Public curiosity burns for shallow celebrity gossip, but television's most prolific interviewers know how to delve deeper. The right host can contextualize larger-than-life figures—from politicians to pop culture icons to fugitives from the American justice system—as multi-dimensional human beings, or, as is the case with some of the interviews below, can serve as a proxy for the audience's confusion at wild celebrity antics. Diane Sawyer's two-hour interview with Bruce Jenner airs Friday, April 24 at 9 p.m. EST on ABC. Here's a look back at nine of the TV interviews that have generated the most hype and have led to some of the most memorable moments. Will "Bruce Jenner: The Interview" make it 10?
TV Guide Archive
David Frost Interviews Richard Nixon David Frost's 1977 series of interviews with disgraced former president Richard Nixon is perhaps the highest-profile interview series ever produced for television. Since Frost had to pay to interview Nixon, there were concerns that his journalistic integrity had been compromised and the interviews would be meaningless, but Frost didn't hold back when he sat down with the former head of state.
Frost grilled Nixon on Watergate and the dubious legality of his activities in the White House with questions including his now famous interview opener, "Why didn't you burn the tapes?" In 2006, playwright and screenwriter Peter Morgan adapted the story behind the interviews into a stage play titled Frost/Nixon and into a film of the same name two years later. The success of both adaptations demonstrates the endurance of the legacy of Frost's Nixon interviews.
Charles Dharapak/AP Photo
Jon Stewart Interviews Barack Obama Throughout his Daily Show career, Jon Stewart has been no stranger to powerful world leaders, but his 2010 interview with President Barack Obama was the first time he got the chance to interview a sitting president of the United States.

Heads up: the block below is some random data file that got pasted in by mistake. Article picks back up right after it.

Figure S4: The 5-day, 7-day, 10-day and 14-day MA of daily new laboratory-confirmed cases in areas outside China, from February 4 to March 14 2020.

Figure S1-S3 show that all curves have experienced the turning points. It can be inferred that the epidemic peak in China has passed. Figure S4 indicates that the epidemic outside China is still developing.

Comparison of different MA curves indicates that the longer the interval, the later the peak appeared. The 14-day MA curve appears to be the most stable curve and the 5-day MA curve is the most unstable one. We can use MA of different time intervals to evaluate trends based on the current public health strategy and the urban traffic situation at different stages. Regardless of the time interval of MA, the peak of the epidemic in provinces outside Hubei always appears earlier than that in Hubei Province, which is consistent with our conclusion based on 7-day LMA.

Stewart, though admittedly liberal, has made a name for himself by both mocking and providing thoughtful commentary on figures from any political party. In this midterm-election interview, Stewart mixed in some comedy, but he didn't throw the president any softballs. He asked President Obama difficult questions about his expectations coming into office and his effectiveness as a leader and a change maker.
One particular moment that had people talking the next day was when Stewart referred to the most powerful man in the world as "dude." Clearly that slipup didn't upset the president too much, since he returned to the show in 2012 for what Press Secretary Jay Carney recently called one of the president's toughest interviews that year.
James Lipton Interviews Dave Chappelle Inside the Actors Studio wasn't Dave Chappelle's first appearance after he walked off the set of Chappelle's Show and absconded to Africa to escape the stress of fame, but the extended interview with James Lipton in 2006 provided a great deal of insight that Chappelle's fans had been lacking. There are moments of poignancy and hilarity peppered throughout the interview, and the discussion places the outstanding sketch comedy of Chappelle's Show within the context of a complete, complex human being.
"Once you get famous, you can't get unfamous," Chappelle told Lipton and an audience of Pace University students. "You can get infamous, but you can't get unfamous."
Katie Couric Interviews Sarah Palin Asking someone to name a few newspapers she has read doesn't seem like hardball, gotcha-journalism. When Katie Couric interviewed Sarah Palin, not only did Palin refuse to name a newspaper, she also seemed to interpret the question as an attack on her home state of Alaska.